Before considering the content of the lockdown plan, it is worth noting best practice for sharing it with staff. Whatever the threat, staff must be alerted as soon as possible and there must be an open channel of communication from that moment on. The fire alarm, although well recognised, is not fit for purpose here, as it could cause confusion over the nature of the emergency and does not keep staff in the loop in the following minutes until police can arrive. Having rapid, accurate and simple messaging throughout an incident is vital to managing it safely. It’s rare that an incident follows the pre-prepared playbook exactly, and good communication is the only way to ensure that staff are able to be flexible in the face of a changing situation. Sticking rigidly to a plan just because it’s “The Plan” can have fatal consequences: during the Columbine shooting, pupils sat quietly in the library (where they were eventually killed) and waited during the lockdown, despite having a clear escape route, because that was the protocol.
The importance of having a plan cannot be overstated, but just having a static lockdown (lock the doors, hide under tables, cover the windows) is no longer good enough. Although currently the Department for Education does not have official guidance on how to complete a successful lockdown, we can look to US schools and security experts to consider what works best. In America, schools are being advised to implement ALICE — Alert, Lockdown, Inform, Counter and Evacuate (not necessarily in that order). This is an “options-based approach” that allows flexibility according to context. In the UK, the National Police Chiefs Council recommends a ‘Run, Hide, Tell’ approach to a terror attack which has informed wider lockdown policy in the UK, leading recommendations to avoid active contact with an attacker.
Further advice from experts, particularly from the US includes:
- Aiming ultimately to evacuate as soon as it’s safe to do so.
- ‘Scattering’ rather than staying in one place; screaming; throwing things at the attacker if they do manage to make it past a barricade.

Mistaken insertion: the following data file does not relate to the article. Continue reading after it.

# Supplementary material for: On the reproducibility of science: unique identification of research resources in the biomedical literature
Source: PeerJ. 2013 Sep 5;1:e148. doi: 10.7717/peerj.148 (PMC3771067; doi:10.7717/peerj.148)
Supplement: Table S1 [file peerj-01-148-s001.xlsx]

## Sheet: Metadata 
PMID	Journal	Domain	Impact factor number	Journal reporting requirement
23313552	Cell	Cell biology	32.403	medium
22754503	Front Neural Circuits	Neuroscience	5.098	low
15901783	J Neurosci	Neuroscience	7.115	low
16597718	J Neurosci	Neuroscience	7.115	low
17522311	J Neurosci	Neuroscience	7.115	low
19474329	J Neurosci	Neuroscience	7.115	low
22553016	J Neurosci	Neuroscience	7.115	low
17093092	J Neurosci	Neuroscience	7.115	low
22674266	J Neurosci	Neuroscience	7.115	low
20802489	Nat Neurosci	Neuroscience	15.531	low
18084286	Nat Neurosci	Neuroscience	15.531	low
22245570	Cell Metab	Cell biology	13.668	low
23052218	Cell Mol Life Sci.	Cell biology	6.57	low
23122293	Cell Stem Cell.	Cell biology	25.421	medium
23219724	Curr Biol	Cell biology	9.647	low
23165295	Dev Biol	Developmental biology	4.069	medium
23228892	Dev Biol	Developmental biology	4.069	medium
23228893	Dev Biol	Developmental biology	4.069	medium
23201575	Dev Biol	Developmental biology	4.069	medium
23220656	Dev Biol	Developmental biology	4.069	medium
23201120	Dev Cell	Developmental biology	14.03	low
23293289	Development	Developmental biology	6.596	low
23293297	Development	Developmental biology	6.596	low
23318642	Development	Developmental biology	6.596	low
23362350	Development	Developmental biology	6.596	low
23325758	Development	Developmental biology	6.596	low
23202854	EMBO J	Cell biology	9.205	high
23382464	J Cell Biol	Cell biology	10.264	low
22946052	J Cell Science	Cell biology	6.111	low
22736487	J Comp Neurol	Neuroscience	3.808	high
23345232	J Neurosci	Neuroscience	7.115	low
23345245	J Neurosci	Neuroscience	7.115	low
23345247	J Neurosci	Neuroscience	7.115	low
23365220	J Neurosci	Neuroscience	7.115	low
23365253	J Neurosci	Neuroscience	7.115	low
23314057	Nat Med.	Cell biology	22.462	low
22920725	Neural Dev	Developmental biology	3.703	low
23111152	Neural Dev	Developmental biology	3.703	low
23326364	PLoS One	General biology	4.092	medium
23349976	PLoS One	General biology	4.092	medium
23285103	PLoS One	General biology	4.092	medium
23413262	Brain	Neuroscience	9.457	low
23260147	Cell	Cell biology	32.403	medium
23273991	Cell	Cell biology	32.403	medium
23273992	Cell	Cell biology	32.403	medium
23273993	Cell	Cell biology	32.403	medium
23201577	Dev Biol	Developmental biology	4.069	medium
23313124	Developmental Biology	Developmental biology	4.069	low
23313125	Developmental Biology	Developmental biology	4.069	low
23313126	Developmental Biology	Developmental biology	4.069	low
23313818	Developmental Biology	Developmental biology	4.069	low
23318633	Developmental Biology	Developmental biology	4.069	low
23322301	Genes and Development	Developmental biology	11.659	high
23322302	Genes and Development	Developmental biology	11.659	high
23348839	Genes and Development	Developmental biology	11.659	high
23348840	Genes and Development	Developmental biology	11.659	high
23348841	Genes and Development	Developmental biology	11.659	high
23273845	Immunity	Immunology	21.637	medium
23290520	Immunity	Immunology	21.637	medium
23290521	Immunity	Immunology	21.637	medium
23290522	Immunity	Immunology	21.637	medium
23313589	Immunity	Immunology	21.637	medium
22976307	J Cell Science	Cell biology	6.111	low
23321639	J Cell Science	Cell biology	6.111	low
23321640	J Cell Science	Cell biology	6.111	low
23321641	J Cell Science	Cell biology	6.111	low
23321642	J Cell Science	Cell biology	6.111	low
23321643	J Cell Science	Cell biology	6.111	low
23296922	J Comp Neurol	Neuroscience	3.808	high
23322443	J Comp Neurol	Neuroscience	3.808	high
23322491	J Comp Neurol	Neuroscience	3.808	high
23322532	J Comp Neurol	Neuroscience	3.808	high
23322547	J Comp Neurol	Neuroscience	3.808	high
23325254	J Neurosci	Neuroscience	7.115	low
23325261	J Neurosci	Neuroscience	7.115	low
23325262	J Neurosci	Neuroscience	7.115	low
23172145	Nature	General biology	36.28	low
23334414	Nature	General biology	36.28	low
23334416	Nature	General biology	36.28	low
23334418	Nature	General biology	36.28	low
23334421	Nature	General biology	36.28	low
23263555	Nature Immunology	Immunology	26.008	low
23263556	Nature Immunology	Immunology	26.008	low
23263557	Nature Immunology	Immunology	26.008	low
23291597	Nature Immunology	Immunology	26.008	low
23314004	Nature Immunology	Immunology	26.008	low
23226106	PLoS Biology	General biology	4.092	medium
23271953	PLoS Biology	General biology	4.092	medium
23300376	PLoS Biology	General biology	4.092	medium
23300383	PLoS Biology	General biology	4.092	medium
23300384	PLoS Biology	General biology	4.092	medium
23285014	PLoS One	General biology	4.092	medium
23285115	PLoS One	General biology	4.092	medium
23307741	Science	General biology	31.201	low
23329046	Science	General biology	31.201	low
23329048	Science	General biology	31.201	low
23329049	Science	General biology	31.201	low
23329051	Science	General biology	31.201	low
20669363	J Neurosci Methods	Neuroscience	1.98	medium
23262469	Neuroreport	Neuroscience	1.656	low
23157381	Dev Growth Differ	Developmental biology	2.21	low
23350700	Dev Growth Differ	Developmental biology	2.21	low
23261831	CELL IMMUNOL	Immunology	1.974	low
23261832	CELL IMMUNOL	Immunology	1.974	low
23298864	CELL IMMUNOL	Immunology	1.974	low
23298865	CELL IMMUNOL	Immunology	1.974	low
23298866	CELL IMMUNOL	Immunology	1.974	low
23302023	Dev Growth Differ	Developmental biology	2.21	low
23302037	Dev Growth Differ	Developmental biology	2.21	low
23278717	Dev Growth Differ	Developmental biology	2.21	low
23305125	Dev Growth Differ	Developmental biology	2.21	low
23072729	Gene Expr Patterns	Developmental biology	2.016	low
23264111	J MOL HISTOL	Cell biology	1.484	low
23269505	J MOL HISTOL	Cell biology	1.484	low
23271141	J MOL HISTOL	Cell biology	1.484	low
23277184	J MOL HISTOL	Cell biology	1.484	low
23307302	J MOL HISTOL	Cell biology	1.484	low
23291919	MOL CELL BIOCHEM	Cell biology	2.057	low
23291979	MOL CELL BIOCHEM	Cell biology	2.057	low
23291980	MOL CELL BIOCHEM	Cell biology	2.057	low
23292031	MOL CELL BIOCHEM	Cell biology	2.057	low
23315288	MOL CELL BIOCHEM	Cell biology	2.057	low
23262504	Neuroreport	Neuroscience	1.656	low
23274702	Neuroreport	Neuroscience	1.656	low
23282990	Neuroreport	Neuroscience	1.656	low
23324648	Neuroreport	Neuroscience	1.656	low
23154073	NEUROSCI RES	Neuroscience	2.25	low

- Frequent and accurate communication with parents.
- The FBI states that having a lockdown procedure planned and practiced makes people less likely to freeze in an emergency. Frequent rehearsal is the key to keeping it fresh in people’s minds.
- Measures such as metal detectors can help make a school seem like less of a “soft target.” This may not deter the most determined attackers, but makes an attack less likely.
- Employ a two-stage lockdown. One meaning ‘be aware, but carry on’, the second ‘full lockdown’, which may mean lock classroom doors and close window blinds.
- Use scenario based training so that staff are empowered to deviate from the plan when that is the most prudent thing to do.
- The layout of the school must be taken into account
- The plans should be updated regularly following internal review and advice from experts and government bodies.
The idea of an atrocity like Columbine or Dunblane even being possible in the schools I have worked in makes me feel genuinely nauseous. Preparing children for a violent incident is a chilling prospect. It may be uncomfortable to think about, which might explain the tendency to fall back on the familiar format of a fire drill, or to plan a lockdown around waiting for the police to deal with it, but this simply isn’t enough anymore. Pupils, parents, staff and the law all expect every possible measure to be taken to deal with an incident as safely as possible.
This article was originally written for the Independent Schools Bursars Association.